LET’S GO TO MARS!
Last week it was all about those 7 new planets that are “only” 39 light-years away and might perhaps possibly maybe be a home for life.
But let’s get real:
There’s a planet that’s truly nearby, one that with some work could sustain life-as-we-know it, one with water and enough sunlight for food crops, one that, with some improvements in current spacecraft technologies, we could get to after a journey of only nine months or so and within the lifetimes of most of us.
So let’s talk seriously, really seriously, about going to Mars.
FiveThirtyEight is featuring a series of posts about that challenging trip. One by Rebecca Boyle describes some reasons why going to Mars is looking more hopeful. NASA is said to be working toward getting people into orbit around Mars by 2032. A handful of companies are also planning Mars projects. The most serious appears to be Elon Musk’s SpaceX.
Six crew members are part of the fifth HI-SEAS (Hawai’i Space Exploration Analog and Simulation) mission to study human behavior and performance relevant to long-duration space missions. At Motherboard, Ben Sullivan explains what that involves–including the process of composting human waste that contributed to making The Martian so memorable.
NASA has another Mars rover mission scheduled for 2020 and has just released its short list of possible landing sites. At Gizmodo, Rae Paoletta delves into the arguments for and against each one.
Mars is too cold to have liquid water on its surface, but there’s evidence water did flow there once upon a time, some 4 billion years ago. How is that possible if Mars has always been cold? Recent reports from the Curiosity rover have only deepened the mystery, according to Xaq Rzetelny at Ars Technica. But it appears that there is liquid water underneath the planet’s surface, water that is available for mining. It would have to be purified, too.
A MARS PROJECT NEEDS . . . MONEY. ALSO LAWYERS
The main thing that would make all this work, according to Christie Aschwanden at FiveThirtyEight, is just . . . money. Lots and lots of money.
There will also have to be lawyers. Lots and lots of lawyers, according to Maggie Koerth-Baker, in a post that is one of the series at FiveThirtyEight. “We may slip the surly bonds of Earth,” she says, quoting John Magee’s celebrated tribute to taking flight. “[B]ut we will not escape the knots tied by Earth law and politics.”
The primary legal document setting out the rules for space dates from 1967 and was largely a product of the Cold War. At the moment it’s not clear whether that conflict is still with us or will be vanished by Trump.
But will it matter?
Koerth-Baker suspects that what the US and Russia want to do about spatial hegemony (or enmity) may not make much difference. “[R]ecent history suggests that the future could upend a lot of our expectations. The history of space politics and space law was about superpowers and how they might interact in the heavens. The future of space politics, in contrast, could involve more global coalitions, more small countries wielding surprising levels of influence, and more of a presence for countries outside Europe and the U.S.”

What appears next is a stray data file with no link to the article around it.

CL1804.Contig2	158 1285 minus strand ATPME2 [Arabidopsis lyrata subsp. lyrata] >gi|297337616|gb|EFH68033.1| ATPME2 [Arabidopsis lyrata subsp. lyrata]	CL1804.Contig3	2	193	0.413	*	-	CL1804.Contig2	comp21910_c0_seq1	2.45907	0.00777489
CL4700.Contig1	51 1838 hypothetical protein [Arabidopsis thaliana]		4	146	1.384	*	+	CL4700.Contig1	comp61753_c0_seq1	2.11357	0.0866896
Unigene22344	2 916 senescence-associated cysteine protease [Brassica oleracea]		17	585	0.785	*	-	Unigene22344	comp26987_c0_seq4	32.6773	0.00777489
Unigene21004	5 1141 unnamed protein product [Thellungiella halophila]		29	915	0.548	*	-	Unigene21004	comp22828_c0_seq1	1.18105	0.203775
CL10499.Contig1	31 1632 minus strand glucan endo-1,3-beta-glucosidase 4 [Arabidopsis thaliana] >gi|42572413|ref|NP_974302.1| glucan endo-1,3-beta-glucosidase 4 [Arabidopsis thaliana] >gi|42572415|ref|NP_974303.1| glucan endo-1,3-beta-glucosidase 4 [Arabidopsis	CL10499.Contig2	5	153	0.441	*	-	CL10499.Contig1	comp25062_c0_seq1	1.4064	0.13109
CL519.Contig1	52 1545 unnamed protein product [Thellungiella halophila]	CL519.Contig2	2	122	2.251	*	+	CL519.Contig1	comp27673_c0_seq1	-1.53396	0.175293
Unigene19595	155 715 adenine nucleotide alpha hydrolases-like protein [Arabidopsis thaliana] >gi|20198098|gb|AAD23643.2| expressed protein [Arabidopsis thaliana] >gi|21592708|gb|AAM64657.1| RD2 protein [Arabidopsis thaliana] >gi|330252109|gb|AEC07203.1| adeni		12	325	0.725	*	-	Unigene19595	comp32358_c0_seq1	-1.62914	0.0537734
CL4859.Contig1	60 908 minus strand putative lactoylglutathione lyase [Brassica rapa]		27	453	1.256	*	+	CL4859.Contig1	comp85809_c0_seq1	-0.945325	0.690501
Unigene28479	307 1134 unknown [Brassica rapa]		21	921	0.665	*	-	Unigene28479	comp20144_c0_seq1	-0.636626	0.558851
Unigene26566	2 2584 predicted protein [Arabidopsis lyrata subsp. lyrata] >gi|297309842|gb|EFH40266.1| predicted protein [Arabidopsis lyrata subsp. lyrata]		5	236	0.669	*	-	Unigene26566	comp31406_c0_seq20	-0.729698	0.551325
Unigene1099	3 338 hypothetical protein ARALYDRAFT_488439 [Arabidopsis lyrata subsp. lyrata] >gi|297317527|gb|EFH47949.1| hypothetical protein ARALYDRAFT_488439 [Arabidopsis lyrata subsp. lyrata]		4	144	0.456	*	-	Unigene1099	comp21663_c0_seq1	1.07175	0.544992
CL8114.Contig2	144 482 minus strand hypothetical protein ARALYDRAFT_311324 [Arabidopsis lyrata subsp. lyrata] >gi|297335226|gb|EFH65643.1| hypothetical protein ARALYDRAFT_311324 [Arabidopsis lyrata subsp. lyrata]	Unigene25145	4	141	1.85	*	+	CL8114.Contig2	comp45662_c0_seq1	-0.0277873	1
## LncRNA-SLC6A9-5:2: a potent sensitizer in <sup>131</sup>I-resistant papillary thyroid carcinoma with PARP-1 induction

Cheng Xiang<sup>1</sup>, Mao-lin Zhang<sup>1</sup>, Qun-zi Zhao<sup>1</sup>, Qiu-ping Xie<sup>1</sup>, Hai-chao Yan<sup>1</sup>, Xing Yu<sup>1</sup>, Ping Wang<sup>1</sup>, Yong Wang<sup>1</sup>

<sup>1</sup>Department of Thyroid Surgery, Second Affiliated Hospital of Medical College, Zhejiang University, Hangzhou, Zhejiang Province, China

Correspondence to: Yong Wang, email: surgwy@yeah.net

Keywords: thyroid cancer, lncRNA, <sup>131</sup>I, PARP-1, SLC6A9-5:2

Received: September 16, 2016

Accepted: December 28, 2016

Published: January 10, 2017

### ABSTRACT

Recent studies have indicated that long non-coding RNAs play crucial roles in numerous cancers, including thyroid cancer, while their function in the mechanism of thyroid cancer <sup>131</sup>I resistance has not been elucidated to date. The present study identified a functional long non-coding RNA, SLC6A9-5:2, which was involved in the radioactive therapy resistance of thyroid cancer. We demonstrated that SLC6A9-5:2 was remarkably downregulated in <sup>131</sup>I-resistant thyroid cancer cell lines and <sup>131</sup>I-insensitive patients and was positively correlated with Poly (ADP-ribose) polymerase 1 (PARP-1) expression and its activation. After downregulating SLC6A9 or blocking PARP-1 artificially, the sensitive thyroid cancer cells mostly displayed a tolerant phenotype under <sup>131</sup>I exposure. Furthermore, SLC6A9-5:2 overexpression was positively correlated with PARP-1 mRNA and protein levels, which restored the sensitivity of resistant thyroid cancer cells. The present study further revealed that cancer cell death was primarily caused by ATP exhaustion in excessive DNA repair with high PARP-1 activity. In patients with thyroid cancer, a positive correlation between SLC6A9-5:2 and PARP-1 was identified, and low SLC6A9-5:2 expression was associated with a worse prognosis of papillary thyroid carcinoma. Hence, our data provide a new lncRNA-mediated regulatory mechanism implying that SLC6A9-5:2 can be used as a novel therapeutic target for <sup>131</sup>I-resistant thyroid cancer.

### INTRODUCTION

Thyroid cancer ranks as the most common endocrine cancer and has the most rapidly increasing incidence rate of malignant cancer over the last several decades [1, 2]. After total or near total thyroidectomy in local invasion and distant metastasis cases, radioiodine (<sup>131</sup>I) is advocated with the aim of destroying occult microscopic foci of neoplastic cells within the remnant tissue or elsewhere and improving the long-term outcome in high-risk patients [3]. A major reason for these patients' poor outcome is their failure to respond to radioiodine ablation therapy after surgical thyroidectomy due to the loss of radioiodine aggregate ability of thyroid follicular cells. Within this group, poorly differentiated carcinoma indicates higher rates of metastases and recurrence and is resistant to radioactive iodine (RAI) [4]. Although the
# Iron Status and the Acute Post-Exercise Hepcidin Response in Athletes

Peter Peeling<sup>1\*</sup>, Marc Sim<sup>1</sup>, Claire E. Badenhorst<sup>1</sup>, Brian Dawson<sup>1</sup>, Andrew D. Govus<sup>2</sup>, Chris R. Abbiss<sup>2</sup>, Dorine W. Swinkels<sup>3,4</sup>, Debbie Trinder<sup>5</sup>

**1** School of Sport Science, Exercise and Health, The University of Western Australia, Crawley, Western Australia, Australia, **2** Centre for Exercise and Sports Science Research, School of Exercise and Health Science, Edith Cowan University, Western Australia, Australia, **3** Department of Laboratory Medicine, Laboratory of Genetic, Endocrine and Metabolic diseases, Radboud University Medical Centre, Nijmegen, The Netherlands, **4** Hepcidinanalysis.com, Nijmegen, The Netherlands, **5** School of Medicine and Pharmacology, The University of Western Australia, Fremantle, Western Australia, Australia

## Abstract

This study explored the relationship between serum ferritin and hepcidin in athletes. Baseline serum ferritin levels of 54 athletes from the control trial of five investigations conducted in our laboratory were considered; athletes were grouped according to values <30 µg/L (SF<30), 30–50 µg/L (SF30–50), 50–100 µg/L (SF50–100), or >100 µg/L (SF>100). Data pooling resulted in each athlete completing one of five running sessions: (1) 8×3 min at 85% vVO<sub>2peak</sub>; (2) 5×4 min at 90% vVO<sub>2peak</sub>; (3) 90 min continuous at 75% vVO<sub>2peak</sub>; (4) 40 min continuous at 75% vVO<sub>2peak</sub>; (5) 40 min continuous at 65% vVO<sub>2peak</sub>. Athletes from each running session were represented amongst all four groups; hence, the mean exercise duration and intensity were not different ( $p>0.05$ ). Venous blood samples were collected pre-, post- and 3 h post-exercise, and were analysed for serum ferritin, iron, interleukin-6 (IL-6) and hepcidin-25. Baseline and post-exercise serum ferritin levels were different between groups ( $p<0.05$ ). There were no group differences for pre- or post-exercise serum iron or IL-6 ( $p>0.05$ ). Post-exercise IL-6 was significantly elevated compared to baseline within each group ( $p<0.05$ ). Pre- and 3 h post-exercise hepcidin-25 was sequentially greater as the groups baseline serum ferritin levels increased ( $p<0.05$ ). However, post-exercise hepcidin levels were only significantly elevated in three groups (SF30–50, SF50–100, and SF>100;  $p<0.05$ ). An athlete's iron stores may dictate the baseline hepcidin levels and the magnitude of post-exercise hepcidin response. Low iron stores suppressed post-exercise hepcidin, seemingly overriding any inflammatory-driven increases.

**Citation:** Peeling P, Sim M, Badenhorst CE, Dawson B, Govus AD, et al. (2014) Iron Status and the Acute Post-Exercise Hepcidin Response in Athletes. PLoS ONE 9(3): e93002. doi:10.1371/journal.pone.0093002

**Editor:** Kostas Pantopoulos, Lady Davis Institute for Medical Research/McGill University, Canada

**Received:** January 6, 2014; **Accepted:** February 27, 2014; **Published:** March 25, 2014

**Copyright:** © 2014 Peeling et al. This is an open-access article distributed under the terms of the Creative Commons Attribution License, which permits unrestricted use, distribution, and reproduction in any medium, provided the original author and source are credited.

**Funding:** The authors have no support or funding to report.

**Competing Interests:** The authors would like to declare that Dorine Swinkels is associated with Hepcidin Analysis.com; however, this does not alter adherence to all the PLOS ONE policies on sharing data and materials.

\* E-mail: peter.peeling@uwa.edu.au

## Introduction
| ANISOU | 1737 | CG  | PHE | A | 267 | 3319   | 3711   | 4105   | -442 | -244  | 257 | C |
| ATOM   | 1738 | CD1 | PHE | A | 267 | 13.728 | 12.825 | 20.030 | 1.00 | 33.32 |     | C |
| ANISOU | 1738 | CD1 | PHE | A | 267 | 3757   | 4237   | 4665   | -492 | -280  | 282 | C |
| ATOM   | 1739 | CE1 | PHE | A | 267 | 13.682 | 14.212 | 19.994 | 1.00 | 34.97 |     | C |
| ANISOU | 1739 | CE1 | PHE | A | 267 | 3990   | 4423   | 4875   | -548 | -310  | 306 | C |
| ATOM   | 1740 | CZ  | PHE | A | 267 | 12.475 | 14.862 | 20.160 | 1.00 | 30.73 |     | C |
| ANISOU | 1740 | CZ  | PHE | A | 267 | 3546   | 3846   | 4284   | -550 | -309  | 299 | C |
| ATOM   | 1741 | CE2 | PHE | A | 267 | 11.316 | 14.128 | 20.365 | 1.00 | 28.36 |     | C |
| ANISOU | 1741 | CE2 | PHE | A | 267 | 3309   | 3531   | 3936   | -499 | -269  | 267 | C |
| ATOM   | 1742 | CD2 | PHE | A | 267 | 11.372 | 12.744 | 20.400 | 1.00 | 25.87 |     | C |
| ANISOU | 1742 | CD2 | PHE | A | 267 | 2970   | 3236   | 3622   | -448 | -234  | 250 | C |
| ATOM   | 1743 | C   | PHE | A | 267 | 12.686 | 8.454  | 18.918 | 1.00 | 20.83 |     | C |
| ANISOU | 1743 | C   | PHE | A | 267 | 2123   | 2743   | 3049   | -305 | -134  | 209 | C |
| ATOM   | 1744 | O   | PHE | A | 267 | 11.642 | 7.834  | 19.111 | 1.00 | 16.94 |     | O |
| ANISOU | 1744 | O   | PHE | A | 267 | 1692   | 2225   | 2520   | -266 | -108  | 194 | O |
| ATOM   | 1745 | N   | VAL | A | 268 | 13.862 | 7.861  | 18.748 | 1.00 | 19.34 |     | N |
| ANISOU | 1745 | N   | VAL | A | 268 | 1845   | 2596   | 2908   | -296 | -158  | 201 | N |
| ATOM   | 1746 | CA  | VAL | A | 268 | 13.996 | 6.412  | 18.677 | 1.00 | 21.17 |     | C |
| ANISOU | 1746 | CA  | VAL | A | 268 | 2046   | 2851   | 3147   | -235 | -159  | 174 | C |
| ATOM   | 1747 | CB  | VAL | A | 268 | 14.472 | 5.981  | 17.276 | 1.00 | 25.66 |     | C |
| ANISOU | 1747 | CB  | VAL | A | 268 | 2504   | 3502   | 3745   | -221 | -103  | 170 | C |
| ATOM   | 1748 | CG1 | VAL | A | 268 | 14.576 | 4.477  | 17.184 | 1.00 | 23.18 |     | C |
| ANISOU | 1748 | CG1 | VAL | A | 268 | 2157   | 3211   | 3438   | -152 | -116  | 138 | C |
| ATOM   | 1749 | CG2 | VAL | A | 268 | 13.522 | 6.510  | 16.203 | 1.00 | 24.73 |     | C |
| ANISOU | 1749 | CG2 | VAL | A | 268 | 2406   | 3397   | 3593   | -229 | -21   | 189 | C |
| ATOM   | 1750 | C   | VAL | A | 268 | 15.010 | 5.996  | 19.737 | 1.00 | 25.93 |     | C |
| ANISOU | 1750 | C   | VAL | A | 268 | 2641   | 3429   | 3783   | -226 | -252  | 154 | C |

The United Arab Emirates, for instance. At Ars Technica, Eric Berger describes a UAE proposal that he thinks sets out a realistic timeline for actual Mars colonies: about a century from now. The UAE has released “artists’ impressions” of an elaborate city, to be built by robots, that will await the colonists’ arrival. The country’s fledgling space agency wants the project to be international, and has already formed partnerships with Britain and France.
FLY ME TO THE MOON, ELON
Commercial interests command much space news these days, with SpaceX, the Elon Musk project, the front runner. The company has just announced that it will be sending two tourists around the Moon next year. Nothing is publicly known about the prospective passengers–except that they must be rich, because the ticket for each of them is reportedly tens of millions of dollars.
Space X said the circumlunar flight will be “an opportunity for humans to return to deep space for the first time in 45 years and they will travel faster and further into the Solar System than any before them.”
A big difference between NASA and commercial missions is that the latter are designing their projects around reusable equipment. SpaceX equipment has a checkered history, but the company has recently tested both the rocket and the spacecraft intended for the Moon trip successfully on a mission to the Space Station, according to Chris D’Angelo at the Huffington Post.
In what The Verge’s Loren Grush describes as the first public-private space race, NASA has been thinking about a crew going ’round the moon too, at the behest of the new White House. That mission would be scheduled for 2019 aboard NASA’s Space Launch System, now under construction. The Moon shot would be a test of the giant rocket, which is destined eventually for Deep Space–and Mars.
But here’s reality again. In December I wrote here at On Science Blogs that what the TrumPets want to do about funding NASA was entirely unclear.
It still is.
Musk announced plans for establishing a self-sustaining Martian colony of (eventually) a million people last fall. For that SpaceX must build much bigger ships, capable of carrying 100 settlers plus cargo.
Ah yes. Plus cargo. In the FiveThirtyEight series, Rebecca Boyle points out that cargo for going to Mars is going to be quite a headache.